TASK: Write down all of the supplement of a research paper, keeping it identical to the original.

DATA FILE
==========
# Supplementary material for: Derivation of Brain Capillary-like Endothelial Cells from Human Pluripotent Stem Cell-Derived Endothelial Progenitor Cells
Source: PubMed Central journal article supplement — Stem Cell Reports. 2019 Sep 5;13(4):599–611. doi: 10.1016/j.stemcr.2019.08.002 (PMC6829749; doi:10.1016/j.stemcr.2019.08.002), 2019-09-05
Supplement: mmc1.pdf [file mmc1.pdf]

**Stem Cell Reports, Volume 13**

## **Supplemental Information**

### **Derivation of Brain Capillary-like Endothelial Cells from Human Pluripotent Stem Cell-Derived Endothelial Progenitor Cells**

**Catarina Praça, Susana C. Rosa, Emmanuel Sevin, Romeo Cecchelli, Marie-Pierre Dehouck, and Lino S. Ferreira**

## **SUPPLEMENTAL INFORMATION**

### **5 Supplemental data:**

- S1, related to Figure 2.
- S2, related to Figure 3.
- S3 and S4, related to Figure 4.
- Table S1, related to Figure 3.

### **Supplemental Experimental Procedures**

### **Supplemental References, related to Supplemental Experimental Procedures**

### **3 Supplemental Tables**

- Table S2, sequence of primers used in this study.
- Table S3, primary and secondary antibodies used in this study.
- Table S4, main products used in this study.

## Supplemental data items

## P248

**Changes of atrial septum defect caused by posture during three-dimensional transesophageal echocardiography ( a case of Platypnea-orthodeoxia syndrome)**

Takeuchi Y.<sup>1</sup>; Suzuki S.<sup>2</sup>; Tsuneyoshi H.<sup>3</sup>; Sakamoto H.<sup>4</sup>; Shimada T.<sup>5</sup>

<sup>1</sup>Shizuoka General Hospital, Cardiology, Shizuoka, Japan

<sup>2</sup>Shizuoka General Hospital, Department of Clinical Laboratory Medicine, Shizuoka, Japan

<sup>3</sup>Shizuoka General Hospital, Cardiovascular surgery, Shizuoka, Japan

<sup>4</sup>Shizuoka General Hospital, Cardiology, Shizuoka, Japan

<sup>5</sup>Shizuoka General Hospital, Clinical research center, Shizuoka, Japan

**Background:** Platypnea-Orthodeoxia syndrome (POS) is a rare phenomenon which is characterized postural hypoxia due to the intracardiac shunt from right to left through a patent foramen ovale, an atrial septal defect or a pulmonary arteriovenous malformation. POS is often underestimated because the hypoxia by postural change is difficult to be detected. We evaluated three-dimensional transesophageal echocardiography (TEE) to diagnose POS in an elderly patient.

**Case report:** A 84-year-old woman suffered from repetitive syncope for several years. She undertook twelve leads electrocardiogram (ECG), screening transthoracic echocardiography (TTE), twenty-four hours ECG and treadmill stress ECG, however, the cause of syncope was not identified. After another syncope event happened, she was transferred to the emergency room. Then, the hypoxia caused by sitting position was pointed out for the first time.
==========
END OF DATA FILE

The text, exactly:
# Supplementary material for: Derivation of Brain Capillary-like Endothelial Cells from Human Pluripotent Stem Cell-Derived Endothelial Progenitor Cells
Source: PubMed Central journal article supplement — Stem Cell Reports. 2019 Sep 5;13(4):599–611. doi: 10.1016/j.stemcr.2019.08.002 (PMC6829749; doi:10.1016/j.stemcr.2019.08.002), 2019-09-05
Supplement: mmc1.pdf [file mmc1.pdf]

**Stem Cell Reports, Volume 13**

## **Supplemental Information**

### **Derivation of Brain Capillary-like Endothelial Cells from Human Pluripotent Stem Cell-Derived Endothelial Progenitor Cells**

**Catarina Praça, Susana C. Rosa, Emmanuel Sevin, Romeo Cecchelli, Marie-Pierre Dehouck, and Lino S. Ferreira**

## **SUPPLEMENTAL INFORMATION**

### **5 Supplemental data:**

- S1, related to Figure 2.
- S2, related to Figure 3.
- S3 and S4, related to Figure 4.
- Table S1, related to Figure 3.

### **Supplemental Experimental Procedures**

### **Supplemental References, related to Supplemental Experimental Procedures**

### **3 Supplemental Tables**

- Table S2, sequence of primers used in this study.
- Table S3, primary and secondary antibodies used in this study.
- Table S4, main products used in this study.

## Supplemental data items

## P248

**Changes of atrial septum defect caused by posture during three-dimensional transesophageal echocardiography ( a case of Platypnea-orthodeoxia syndrome)**

Takeuchi Y.<sup>1</sup>; Suzuki S.<sup>2</sup>; Tsuneyoshi H.<sup>3</sup>; Sakamoto H.<sup>4</sup>; Shimada T.<sup>5</sup>

<sup>1</sup>Shizuoka General Hospital, Cardiology, Shizuoka, Japan

<sup>2</sup>Shizuoka General Hospital, Department of Clinical Laboratory Medicine, Shizuoka, Japan

<sup>3</sup>Shizuoka General Hospital, Cardiovascular surgery, Shizuoka, Japan

<sup>4</sup>Shizuoka General Hospital, Cardiology, Shizuoka, Japan

<sup>5</sup>Shizuoka General Hospital, Clinical research center, Shizuoka, Japan

**Background:** Platypnea-Orthodeoxia syndrome (POS) is a rare phenomenon which is characterized postural hypoxia due to the intracardiac shunt from right to left through a patent foramen ovale, an atrial septal defect or a pulmonary arteriovenous malformation. POS is often underestimated because the hypoxia by postural change is difficult to be detected. We evaluated three-dimensional transesophageal echocardiography (TEE) to diagnose POS in an elderly patient.

**Case report:** A 84-year-old woman suffered from repetitive syncope for several years. She undertook twelve leads electrocardiogram (ECG), screening transthoracic echocardiography (TTE), twenty-four hours ECG and treadmill stress ECG, however, the cause of syncope was not identified. After another syncope event happened, she was transferred to the emergency room. Then, the hypoxia caused by sitting position was pointed out for the first time.